Cheers: HIPAA is for the insurance company, not the employer or the business



DEAR DR. ROACH: I don’t understand how HIPAA applies to my health information. Some people say they don’t have to tell people if they’ve been vaccinated or not or respond to an employer who requires the vaccine to return to work or to businesses that may require the vaccination to enter. I’ve always believed that HIPAA applies to doctors and insurance companies, and it’s about providing my health information to third parties without my permission, not providing that information directly. Can you please explain who is right? – DLG

RESPONSE: The Health Insurance Portability and Liability Act was adopted by Congress in 1996 and promulgated by the president Bill clinton. It was designed to protect health coverage for people who change jobs, required health care providers to give patients access to their personal health information, and health care providers to protect the privacy of health information. . HIPAA applies to health plans, clearinghouses and providers. In my role as a doctor, I must comply with HIPAA. However, most employers and businesses, such as cruise lines, are not HIPAA covered entities, so HIPAA does not apply. A business is free to require vaccination, and you are free to refuse and take your business elsewhere, if you wish.

DEAR DR. ROACH: You recently told a reader who had just been diagnosed with diabetes that type 2 diabetes is a “stable” diagnosis: once the diagnosis is made you are still diabetic, even if your blood sugar levels return to perfectly normal and you do not take any more medication.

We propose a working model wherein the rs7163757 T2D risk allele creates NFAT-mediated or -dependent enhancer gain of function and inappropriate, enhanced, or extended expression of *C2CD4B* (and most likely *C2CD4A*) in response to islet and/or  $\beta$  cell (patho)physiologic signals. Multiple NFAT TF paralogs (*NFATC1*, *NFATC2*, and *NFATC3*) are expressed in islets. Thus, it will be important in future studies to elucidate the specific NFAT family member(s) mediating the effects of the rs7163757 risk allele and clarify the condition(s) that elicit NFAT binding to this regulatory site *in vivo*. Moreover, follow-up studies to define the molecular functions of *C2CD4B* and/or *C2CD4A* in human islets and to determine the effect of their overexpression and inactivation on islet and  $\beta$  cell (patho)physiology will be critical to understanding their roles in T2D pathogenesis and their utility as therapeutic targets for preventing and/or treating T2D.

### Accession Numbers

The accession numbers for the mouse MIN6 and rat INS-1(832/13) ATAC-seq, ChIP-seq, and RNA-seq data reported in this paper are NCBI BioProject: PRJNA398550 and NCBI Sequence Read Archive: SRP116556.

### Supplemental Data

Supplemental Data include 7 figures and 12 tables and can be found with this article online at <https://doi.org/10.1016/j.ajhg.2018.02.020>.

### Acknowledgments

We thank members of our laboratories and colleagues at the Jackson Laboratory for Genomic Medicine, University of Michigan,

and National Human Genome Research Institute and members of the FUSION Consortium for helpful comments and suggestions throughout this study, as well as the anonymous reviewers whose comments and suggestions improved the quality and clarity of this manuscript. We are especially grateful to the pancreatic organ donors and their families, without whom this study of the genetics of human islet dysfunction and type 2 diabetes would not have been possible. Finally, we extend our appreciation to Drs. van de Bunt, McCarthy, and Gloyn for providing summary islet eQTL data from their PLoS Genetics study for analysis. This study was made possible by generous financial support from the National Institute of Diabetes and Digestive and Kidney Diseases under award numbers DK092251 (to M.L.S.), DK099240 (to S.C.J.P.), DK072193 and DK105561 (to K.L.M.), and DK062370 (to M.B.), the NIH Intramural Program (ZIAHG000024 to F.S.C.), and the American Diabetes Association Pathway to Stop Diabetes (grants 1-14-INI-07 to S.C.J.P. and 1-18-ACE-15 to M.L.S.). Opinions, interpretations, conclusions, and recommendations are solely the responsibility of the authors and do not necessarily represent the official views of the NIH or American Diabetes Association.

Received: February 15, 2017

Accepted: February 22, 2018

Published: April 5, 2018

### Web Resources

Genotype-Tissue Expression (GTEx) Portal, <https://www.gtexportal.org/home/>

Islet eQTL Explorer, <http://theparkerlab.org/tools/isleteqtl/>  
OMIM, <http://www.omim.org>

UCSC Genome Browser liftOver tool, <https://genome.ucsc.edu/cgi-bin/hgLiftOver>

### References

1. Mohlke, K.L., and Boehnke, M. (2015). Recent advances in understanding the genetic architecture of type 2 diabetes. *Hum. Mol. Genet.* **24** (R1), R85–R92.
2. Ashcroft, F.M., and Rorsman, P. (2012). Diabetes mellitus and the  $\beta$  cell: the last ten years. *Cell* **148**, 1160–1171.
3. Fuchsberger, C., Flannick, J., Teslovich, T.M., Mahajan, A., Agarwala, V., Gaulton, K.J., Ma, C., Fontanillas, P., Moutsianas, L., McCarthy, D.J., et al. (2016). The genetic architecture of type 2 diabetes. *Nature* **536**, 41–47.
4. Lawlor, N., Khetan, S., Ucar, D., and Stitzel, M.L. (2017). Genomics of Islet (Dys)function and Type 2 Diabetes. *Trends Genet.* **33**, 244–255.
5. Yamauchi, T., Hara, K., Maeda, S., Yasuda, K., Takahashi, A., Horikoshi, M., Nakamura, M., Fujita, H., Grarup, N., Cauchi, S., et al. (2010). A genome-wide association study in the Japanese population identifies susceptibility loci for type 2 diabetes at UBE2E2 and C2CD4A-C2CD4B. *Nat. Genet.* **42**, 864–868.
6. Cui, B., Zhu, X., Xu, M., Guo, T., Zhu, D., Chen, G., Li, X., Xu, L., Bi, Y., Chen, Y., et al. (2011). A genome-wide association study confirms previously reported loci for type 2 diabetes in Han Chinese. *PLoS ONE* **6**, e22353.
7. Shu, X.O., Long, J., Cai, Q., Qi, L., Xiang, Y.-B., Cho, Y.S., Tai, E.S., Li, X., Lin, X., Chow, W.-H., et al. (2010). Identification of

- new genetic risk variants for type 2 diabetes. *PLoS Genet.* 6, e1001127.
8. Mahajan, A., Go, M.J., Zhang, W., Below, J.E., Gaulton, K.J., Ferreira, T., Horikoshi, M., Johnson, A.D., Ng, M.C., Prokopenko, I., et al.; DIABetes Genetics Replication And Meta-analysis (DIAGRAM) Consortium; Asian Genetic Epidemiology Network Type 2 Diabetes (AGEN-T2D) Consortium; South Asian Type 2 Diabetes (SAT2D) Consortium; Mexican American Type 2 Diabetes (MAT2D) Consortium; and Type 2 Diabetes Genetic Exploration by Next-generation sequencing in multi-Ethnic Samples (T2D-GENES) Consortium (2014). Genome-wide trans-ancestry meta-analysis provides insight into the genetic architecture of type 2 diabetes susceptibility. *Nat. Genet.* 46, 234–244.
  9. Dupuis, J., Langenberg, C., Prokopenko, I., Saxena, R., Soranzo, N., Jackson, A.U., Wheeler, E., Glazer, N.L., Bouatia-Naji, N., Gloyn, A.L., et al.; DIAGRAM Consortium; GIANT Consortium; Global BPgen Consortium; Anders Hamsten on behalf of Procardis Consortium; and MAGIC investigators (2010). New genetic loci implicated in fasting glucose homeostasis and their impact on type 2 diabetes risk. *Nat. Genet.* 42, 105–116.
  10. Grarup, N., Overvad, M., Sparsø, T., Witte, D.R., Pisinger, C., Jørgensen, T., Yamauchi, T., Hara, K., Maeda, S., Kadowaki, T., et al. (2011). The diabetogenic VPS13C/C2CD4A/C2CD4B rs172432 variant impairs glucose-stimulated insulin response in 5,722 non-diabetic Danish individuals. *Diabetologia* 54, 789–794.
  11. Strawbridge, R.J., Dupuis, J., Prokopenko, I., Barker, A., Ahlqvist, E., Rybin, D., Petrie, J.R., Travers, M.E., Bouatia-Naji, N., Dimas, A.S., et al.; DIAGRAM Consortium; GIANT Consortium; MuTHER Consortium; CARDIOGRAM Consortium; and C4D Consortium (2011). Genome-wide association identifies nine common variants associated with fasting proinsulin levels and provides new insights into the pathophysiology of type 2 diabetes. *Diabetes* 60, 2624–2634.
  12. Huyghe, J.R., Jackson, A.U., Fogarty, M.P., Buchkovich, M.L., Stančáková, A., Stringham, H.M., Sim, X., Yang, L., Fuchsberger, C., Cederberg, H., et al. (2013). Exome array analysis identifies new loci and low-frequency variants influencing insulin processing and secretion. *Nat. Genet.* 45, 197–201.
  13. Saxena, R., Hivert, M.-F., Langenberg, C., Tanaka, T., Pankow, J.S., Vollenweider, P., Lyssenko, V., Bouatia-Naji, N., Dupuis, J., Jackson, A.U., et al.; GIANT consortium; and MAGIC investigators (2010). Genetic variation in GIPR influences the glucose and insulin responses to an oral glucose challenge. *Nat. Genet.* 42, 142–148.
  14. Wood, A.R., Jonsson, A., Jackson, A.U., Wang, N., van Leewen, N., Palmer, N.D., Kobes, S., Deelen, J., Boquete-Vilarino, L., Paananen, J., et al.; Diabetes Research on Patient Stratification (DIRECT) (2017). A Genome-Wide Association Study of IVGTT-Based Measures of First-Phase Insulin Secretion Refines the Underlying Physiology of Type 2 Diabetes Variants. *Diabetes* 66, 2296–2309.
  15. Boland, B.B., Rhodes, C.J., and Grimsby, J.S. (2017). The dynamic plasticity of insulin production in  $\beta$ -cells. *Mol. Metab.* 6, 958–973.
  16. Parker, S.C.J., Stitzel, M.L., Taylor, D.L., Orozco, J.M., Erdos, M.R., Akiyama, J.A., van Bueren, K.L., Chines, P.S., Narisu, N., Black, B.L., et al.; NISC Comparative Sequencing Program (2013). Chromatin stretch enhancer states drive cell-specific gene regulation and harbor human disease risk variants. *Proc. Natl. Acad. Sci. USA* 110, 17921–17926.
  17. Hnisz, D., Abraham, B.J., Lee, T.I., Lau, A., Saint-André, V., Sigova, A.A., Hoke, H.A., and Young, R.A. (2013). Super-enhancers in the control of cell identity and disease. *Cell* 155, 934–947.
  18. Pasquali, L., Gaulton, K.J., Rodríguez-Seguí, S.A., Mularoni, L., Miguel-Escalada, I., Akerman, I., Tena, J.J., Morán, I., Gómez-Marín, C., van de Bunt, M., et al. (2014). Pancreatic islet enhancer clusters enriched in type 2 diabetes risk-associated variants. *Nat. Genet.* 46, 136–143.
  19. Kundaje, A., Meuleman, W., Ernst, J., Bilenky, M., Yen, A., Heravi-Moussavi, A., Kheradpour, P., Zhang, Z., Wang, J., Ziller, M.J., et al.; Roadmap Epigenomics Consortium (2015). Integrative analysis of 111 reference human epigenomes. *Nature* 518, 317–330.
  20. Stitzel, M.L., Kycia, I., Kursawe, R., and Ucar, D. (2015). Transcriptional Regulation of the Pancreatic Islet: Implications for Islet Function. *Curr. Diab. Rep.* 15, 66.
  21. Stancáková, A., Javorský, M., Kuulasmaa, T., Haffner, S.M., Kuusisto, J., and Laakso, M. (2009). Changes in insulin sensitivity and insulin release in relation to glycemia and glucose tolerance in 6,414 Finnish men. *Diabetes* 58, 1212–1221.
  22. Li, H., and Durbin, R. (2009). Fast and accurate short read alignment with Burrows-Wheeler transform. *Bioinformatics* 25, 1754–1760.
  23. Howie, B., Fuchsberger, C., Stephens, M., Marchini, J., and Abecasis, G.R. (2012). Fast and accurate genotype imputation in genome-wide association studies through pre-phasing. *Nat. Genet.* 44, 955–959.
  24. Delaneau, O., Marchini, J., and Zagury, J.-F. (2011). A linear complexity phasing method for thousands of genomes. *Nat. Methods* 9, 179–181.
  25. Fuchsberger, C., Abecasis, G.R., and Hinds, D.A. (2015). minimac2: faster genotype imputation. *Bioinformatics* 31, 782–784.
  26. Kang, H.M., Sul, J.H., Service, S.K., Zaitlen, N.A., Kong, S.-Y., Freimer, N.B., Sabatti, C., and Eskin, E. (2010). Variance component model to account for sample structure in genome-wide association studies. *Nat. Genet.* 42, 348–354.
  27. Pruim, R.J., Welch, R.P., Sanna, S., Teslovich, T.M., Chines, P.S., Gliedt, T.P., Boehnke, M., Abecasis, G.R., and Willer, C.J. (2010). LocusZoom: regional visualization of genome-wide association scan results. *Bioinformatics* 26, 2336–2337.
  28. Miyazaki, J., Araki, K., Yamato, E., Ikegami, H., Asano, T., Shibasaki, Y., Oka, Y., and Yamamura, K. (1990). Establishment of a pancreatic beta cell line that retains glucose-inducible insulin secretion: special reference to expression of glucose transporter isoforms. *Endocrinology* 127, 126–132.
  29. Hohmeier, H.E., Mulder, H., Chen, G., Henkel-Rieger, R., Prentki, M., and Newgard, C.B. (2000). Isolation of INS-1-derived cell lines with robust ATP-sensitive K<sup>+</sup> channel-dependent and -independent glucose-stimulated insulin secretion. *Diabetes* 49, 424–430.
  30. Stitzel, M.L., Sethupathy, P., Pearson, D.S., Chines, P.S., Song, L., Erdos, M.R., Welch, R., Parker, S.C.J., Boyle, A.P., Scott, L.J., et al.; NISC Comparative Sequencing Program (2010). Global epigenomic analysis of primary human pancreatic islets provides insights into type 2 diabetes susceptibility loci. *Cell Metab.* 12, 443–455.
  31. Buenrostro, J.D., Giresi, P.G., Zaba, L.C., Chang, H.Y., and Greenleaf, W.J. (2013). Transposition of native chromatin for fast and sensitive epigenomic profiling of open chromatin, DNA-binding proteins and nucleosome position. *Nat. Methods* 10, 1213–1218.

Is prediabetes also a stable diagnosis? If someone has never been diagnosed with type 2 diabetes, but probably would have been without careful monitoring of their diet, exercise, and weight, is it important that they be diagnosed as? being diabetic? If so, what tests are appropriate to diagnose this? – AA

ANSWER: Prediabetes and type 2 diabetes are on the same spectrum: it’s a matter of seriousness. The same underlying problem – insulin resistance, also known as impaired glucose tolerance – is responsible for both prediabetes and type 2 diabetes.

Most people with prediabetes can bring their blood sugar back to the normal range by carefully controlling the three factors you have identified: a diet low in simple sugars and starch, regular moderate physical activity, and weight control. Unfortunately, these behaviors must be permanent. You don’t “cure” yourself of diabetes by reaching your target weight, eating a healthy diet, and exercising. That is, if the weight loss is appropriate. Some people with type 2 diabetes are normal or underweight.

As soon as you stop the behaviors, or if the weight returns to the area where you had prediabetes, you are likely to have prediabetes again. In fact, insulin resistance tends to worsen as people get older, so the degree of weight control as well as a healthy lifestyle need to be improved over time to keep diabetes away. forever. Even people with prediabetes have a higher risk of heart disease compared to someone without prediabetes. But the risk in general is not as high as a person diagnosed with diabetes.



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